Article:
Monday, October 18, 2010

Monday's Motivational Makeover - The Cleaver Effect

This past weekend was full of exciting news for women. The Women's Forum wrapped up in Deauville, France after four days of incredible speeches, programs, and sharing among the more that 1,200 women (and a few enlightened men) in attendance this year. Click here to download a video of some of the event's activities.

Saturday marked the passing of Actress Barbara Billingsley. In her signature role as June Cleaver in "Leave It to Beaver," which ran for six seasons, Billingsley personified the ideal middle-class mother and housewife in an era when relatively few American women with children worked outside the home.

My, have things changed. Or have they.

As I reported yesterday, Sister Mary MacKillop was canonized by The Catholic Church and became Australia's first Saint.
Also known as Saint Mary of The Cross, she was a 19th century "whistleblower" nun who activists say should be the patron of victims of sexual abuse by priests because she was punished for exposing it.

Together with Father Julian Tenison Woods, Sister Mary founded the Sisters of St Joseph of the Sacred Heart and a number of schools and welfare institutions throughout Australasia with an emphasis on education for the poor, particularly in country areas.

Most of the world's women and children live in poverty. Efforts such as those of Sister Mary, and her canonization will no doubt raise awareness around the plight of women and their children around the globe.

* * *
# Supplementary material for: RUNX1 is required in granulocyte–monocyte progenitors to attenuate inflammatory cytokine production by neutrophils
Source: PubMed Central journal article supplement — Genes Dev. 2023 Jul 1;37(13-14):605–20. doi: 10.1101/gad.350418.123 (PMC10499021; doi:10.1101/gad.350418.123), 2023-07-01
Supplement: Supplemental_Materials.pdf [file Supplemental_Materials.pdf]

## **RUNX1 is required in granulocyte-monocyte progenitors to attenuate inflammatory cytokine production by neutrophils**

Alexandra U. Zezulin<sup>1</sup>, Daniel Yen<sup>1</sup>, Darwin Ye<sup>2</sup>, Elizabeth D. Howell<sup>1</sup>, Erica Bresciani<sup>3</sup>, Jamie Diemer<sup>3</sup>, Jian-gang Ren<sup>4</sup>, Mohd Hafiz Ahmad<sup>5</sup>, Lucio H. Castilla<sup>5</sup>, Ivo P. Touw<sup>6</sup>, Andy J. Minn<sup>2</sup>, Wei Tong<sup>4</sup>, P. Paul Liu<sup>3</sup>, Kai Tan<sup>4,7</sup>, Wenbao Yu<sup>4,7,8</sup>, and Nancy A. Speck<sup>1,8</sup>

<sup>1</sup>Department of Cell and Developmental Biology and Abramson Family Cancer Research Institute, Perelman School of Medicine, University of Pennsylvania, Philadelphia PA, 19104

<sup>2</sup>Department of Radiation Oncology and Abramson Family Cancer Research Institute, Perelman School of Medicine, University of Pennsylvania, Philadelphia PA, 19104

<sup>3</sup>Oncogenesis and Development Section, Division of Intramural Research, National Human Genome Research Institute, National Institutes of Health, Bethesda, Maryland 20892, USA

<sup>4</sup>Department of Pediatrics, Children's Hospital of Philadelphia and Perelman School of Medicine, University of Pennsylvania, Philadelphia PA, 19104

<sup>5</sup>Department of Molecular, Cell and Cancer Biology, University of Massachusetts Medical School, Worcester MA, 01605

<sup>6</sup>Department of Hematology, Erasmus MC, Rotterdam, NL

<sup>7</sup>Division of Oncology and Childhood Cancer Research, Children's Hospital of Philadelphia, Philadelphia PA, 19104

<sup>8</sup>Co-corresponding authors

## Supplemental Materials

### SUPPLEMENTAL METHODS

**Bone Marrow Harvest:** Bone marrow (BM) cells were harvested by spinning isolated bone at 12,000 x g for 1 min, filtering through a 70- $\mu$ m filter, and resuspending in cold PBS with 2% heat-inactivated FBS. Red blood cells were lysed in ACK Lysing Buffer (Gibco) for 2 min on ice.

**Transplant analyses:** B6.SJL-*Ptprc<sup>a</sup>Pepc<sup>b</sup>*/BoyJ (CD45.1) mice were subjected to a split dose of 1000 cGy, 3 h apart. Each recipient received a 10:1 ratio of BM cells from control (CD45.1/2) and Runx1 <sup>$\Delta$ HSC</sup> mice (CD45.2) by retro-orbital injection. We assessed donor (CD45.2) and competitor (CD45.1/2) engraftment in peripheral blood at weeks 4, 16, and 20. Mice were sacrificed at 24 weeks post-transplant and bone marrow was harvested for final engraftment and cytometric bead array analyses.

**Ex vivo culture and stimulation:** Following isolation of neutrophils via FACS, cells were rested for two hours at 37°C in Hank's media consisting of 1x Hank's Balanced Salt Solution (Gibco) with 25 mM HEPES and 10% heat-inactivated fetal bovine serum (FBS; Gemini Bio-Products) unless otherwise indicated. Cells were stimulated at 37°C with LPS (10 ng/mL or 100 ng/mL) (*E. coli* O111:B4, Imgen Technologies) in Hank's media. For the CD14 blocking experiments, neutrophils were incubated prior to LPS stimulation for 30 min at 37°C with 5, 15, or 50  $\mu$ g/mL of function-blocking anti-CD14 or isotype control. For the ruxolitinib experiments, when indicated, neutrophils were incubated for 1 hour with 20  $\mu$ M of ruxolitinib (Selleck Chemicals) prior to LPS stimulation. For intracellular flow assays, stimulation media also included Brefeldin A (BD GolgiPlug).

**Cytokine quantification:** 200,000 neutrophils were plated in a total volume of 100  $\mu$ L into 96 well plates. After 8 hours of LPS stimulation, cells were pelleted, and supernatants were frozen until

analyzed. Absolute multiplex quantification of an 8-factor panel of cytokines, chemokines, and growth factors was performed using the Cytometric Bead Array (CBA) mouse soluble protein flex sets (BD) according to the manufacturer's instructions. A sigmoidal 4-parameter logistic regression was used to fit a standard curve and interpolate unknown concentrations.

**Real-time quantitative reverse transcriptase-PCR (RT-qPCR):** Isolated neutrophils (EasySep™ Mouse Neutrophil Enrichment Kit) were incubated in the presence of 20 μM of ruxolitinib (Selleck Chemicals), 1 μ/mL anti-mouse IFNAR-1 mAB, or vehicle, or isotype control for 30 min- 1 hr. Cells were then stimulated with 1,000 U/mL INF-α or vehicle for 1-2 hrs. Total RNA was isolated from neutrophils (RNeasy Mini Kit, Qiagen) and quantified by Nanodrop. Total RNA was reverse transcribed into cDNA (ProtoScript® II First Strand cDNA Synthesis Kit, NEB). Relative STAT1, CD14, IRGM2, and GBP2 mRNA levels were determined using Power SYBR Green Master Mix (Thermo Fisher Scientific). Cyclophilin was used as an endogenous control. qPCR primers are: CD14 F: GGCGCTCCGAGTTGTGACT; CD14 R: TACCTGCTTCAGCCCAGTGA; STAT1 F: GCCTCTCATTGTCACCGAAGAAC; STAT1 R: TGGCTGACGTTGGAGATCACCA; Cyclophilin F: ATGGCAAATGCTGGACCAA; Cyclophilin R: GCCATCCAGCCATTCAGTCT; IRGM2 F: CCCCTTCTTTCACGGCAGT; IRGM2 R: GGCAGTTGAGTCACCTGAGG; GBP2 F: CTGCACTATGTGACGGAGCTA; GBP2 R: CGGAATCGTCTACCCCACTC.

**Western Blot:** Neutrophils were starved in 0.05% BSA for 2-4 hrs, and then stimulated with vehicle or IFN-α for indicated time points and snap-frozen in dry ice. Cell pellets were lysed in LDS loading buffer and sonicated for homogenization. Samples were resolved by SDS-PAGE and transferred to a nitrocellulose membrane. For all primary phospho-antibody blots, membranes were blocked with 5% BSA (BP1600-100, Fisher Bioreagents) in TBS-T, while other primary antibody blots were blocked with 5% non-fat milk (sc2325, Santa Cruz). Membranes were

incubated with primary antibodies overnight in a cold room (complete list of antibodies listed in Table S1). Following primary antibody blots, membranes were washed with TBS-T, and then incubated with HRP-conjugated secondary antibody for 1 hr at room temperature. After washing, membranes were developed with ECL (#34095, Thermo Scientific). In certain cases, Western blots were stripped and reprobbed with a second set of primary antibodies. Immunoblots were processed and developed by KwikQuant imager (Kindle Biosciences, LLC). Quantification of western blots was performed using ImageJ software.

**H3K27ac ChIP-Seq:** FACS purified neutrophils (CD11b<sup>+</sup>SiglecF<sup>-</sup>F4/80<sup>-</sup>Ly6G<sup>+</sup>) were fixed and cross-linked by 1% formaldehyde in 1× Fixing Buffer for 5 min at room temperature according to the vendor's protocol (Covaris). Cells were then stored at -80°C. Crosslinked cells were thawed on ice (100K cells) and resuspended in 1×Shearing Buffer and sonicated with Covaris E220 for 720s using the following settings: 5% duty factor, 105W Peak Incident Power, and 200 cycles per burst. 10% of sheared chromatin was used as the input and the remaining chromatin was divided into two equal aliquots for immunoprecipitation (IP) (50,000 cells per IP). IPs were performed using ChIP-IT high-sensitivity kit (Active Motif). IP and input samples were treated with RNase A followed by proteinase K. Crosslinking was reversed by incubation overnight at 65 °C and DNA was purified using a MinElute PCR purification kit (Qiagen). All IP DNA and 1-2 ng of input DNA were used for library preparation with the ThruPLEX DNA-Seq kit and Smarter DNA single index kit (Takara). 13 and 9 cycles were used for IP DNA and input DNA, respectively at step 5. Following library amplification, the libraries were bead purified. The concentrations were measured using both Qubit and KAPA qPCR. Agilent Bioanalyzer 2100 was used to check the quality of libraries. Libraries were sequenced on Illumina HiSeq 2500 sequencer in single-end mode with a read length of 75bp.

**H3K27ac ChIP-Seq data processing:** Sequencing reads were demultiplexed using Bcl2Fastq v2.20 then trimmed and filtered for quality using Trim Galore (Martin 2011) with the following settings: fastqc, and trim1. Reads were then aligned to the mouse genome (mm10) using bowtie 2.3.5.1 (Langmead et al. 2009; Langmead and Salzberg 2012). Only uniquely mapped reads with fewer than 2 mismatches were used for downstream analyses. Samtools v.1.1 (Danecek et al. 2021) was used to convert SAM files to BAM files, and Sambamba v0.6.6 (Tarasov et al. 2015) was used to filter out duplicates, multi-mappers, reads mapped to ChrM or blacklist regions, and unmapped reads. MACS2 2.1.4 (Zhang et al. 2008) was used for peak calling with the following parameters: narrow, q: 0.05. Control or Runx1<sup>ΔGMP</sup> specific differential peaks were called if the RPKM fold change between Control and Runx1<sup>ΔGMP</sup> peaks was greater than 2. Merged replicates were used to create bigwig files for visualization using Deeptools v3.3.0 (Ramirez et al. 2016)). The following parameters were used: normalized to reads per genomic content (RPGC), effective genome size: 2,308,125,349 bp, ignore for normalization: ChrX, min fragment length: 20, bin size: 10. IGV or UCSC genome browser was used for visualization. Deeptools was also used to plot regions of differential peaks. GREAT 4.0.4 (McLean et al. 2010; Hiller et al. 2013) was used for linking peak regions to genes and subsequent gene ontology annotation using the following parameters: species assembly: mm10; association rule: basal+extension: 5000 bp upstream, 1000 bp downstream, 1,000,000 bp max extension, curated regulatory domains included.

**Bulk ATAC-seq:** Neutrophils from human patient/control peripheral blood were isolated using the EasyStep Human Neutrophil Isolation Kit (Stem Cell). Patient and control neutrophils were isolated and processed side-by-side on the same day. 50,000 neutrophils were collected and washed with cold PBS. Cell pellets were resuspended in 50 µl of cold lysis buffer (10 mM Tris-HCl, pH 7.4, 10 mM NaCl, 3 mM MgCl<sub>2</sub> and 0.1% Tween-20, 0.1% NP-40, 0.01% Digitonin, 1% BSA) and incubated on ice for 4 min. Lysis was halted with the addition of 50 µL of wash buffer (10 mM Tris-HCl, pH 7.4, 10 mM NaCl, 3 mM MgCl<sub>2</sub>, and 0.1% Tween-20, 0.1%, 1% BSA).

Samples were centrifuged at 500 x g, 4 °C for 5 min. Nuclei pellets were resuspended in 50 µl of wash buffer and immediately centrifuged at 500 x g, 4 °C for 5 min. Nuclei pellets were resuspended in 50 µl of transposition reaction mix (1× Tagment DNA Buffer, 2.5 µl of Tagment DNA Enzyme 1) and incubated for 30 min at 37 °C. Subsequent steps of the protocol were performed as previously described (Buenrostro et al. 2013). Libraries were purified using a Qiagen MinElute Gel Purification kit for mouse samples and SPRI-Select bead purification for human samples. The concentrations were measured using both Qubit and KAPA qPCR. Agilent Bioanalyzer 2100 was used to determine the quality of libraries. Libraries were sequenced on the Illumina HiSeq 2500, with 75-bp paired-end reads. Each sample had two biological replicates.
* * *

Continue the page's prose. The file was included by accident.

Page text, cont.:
Growing up in the 1960's, I watched Leave it to Beaver, and other popular TV shows of the period such as Father Knows Best, My Three Sons, and Dennis The Menace.

My mother worked her way up the corporate ladder before choosing to become a "stay-at-home-mom". But she never bought into the June Cleaver lifestyle. Perhaps this is why I believe in co-investment by women and men in the duties of house, parenting, and career.

Here are some frightening statistics I came across recently that show that as a global team (women and men) we have a long way to go to before poverty is eradicated, and gender equality is more than lip service:

# In 2004, women in the United States were paid 76 cents for every dollar men received for comparable work.

# African American women earn only 71 cents and Latinas 59 cents for every dollar men are paid. Asian Pacific American women earn 86 cents for every dollar men make.

# Nationwide, working families lose $200 billion in income annually due to the wage gap between men and women.

# If married women were paid the same as men in comparable jobs, their family incomes would rise by nearly 6 percent, and their families' poverty rates would fall from 2.1 percent to 0.8 percent.

# If single working mothers earned as much as men in comparable jobs, their family incomes would increase by nearly 17 percent and their poverty rates would be cut in half, from 25.3 percent to 12.6 percent.

# If single women earned as much as men in comparable jobs, their incomes would rise by 13.4 percent and their poverty rates would be reduced from 6.3 percent to 1 percent.

# Half of all women with income from a pension in 2002 received less than $5,600 per year, compared with $10,340 per year for men.

# The 25.6 million women who work in predominantly male jobs lose an average of $3,446 each per year; the 4 million men who work in predominately female occupations lose an average of $6,259 each per year—a total $114 billion loss for men and women in predominately female jobs.

# In the global economy, women account for 60 percent of the world’s 550 million working poor—even though they make up 40 percent of the world’s workforce.


If you are in a position of influence at your company, organization, or school, please take this opportunity to reach out to a woman who may be struggling with burdens of poverty or raising children in a single parent home.

Provide them the motivation and support they need to overcome these burdens. The worst thing you can do is ignore the problems that face them, and perhaps someday you.

For as Sister Mary MacKillop often said, "never see a need without doing something about it". (1871).

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